Experts in Silicone Gasket Solutions
Experts in Silicone Gasket Solutions

Custom Gaskets

Vibration Dampening Pads

Pads designed and fabricated to meet application requirements

Blue, white, and gray foam and red sponge silicone vibration dampening pads

Stockwell Elastomerics manufactures custom vibration damping pads, soft cushioning pads and shock absorbing from a variety of stock sheet materials. Foam pads are die cut or water jet cut to customer specified dimensions. Stockwell Elastomerics also injection molds ruggedizing bumpers and pads for ruggedized portable electronics.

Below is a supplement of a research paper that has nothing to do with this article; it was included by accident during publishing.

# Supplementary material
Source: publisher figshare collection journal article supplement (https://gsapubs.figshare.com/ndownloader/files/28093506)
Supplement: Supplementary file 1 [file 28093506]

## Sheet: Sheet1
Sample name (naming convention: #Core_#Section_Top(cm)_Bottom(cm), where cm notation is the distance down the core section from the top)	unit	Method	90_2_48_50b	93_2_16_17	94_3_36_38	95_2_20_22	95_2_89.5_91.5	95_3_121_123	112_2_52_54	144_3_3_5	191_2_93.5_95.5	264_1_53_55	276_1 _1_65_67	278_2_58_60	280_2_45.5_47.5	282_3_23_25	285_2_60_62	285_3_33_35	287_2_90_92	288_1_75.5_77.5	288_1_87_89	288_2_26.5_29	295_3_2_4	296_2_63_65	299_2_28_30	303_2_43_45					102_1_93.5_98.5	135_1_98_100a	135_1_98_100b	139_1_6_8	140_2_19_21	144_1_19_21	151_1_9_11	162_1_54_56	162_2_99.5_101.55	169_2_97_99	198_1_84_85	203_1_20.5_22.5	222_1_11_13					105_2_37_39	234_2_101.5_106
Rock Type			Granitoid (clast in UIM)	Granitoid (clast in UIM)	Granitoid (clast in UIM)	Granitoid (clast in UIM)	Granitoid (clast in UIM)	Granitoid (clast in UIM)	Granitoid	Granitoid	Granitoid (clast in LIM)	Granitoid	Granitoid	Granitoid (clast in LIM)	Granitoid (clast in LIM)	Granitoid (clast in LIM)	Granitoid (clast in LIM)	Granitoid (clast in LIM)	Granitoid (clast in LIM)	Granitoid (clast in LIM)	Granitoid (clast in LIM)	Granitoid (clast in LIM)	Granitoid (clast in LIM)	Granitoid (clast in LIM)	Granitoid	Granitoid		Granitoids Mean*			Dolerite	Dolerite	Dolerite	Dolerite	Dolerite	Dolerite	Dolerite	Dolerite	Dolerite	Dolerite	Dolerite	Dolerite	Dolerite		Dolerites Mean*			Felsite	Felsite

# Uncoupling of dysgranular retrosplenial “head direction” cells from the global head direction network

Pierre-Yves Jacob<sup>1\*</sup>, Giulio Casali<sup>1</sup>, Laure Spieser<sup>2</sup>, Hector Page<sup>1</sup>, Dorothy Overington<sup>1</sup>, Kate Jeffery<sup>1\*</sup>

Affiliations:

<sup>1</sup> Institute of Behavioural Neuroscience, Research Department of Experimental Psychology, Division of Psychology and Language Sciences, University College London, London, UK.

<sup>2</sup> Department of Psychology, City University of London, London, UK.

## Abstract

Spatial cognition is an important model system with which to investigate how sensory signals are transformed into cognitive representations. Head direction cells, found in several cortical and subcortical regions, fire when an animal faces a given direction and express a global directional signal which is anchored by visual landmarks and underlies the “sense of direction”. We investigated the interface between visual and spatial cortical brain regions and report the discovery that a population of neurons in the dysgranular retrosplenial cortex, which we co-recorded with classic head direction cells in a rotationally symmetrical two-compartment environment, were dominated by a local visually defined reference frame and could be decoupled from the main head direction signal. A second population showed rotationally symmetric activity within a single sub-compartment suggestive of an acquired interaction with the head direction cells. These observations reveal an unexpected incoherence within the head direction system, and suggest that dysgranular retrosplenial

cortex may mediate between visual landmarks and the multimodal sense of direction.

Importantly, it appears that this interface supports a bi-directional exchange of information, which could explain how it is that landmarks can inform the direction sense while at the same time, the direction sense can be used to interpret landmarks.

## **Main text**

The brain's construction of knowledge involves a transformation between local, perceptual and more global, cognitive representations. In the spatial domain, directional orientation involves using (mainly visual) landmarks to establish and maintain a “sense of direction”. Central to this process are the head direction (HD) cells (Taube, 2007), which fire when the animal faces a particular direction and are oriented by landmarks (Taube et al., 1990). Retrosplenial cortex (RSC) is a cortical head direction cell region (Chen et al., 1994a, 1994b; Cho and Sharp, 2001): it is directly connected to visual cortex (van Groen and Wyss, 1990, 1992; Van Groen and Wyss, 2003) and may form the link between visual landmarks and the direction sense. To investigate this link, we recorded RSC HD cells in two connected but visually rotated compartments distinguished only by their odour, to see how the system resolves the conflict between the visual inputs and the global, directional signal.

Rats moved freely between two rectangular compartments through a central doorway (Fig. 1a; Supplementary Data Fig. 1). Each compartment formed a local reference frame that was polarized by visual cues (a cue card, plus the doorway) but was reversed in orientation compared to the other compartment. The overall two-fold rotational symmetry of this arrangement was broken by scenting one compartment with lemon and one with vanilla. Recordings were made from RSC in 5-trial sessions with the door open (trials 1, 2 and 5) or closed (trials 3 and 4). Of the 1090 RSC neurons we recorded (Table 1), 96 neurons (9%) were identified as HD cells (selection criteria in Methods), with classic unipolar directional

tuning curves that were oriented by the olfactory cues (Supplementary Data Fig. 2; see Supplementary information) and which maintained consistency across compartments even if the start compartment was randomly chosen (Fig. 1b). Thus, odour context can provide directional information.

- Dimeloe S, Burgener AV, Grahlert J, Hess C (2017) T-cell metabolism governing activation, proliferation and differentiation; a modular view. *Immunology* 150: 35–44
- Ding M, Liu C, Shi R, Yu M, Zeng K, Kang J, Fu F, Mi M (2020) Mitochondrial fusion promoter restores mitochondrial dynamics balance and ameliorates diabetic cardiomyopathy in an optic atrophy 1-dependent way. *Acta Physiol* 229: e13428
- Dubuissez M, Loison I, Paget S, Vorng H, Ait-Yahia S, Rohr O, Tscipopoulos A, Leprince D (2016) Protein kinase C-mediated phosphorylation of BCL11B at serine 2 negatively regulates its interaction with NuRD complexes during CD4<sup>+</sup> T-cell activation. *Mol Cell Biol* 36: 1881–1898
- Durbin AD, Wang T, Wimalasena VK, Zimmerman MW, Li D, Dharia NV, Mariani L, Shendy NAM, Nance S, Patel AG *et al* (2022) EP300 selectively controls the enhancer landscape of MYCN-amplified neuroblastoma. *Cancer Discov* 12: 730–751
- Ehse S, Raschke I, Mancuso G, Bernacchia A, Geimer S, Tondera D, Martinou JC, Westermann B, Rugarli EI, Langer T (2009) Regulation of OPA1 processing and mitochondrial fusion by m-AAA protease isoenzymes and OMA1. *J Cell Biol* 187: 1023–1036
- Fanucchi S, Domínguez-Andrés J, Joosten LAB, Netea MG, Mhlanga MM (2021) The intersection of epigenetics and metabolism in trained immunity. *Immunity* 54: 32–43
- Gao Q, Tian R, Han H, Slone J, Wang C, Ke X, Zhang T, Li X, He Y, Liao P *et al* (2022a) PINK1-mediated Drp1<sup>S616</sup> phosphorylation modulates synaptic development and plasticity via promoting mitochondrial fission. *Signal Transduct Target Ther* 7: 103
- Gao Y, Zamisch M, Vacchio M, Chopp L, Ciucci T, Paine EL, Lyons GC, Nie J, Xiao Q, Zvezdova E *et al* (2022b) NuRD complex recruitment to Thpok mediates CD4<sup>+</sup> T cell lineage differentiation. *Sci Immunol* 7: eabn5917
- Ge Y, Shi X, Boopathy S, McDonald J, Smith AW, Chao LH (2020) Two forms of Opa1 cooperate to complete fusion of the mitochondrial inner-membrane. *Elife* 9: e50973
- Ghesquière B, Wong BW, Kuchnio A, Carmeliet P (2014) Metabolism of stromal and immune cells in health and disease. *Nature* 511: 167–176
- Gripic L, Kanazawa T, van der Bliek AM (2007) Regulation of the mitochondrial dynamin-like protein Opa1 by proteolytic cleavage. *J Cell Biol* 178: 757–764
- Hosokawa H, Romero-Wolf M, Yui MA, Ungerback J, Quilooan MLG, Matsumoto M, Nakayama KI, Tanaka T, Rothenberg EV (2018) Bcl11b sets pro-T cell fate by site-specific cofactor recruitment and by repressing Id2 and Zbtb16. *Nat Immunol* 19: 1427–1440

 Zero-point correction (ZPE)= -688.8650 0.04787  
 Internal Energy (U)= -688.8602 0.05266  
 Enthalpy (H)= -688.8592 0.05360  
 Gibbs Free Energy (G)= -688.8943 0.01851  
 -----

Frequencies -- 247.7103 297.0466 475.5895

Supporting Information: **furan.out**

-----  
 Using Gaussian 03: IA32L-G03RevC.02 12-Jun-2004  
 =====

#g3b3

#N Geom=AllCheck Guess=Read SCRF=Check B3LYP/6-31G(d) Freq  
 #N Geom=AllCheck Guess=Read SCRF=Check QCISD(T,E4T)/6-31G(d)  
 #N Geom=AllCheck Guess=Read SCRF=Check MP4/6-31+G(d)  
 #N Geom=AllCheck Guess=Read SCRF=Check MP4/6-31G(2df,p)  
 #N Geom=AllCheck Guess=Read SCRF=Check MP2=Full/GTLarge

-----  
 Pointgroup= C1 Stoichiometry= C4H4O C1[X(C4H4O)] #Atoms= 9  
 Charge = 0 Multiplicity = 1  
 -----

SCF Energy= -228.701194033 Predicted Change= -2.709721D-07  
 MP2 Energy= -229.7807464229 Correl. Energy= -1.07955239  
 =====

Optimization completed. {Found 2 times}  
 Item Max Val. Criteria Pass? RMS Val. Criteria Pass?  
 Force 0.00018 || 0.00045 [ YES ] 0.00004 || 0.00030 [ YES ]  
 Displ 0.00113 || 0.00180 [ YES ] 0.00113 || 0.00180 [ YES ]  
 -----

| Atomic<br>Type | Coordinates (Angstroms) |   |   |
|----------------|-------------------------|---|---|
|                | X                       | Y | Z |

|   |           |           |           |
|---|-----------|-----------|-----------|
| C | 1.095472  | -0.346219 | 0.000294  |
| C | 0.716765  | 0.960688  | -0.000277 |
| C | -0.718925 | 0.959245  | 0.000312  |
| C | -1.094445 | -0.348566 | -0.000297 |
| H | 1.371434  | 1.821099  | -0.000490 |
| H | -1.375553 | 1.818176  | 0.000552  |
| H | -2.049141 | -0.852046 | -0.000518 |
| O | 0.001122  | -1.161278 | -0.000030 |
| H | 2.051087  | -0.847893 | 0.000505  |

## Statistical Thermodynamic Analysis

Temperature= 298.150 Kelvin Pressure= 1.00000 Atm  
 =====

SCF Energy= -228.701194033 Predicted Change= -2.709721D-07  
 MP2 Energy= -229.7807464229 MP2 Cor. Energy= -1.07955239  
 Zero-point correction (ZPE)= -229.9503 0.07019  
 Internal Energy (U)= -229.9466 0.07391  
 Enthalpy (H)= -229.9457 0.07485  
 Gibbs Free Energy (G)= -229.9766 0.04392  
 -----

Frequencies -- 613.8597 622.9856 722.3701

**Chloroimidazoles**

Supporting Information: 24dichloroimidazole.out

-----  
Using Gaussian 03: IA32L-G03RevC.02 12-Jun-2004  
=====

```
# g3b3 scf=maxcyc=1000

What is Vibration Dampening?

Vibration dampening is also called vibration damping; the terms are used interchangeably. Vibration dampening absorbs the vibrational kinetic energy that enters an object and dissipates this energy as heat. Vibration damping, as vibration dampening is also known, is different from vibration isolation, which prevents vibrations from entering. Within systems such as electronic devices, vehicles, and buildings, both forms of vibration management may be used.

To dampen vibrations, sheets of silicone foam or urethane foam can be die cut or water jet cut into products called vibration dampening pads. Injection molding can also be used to produce custom pads, or to mold bumpers. The materials that are used are viscoelastic, meaning that they exhibit both viscous and elastic characteristics when undergoing deformation. It’s this combination of characteristics that supports vibration dampening, typically at discrete points such as the edges of panels.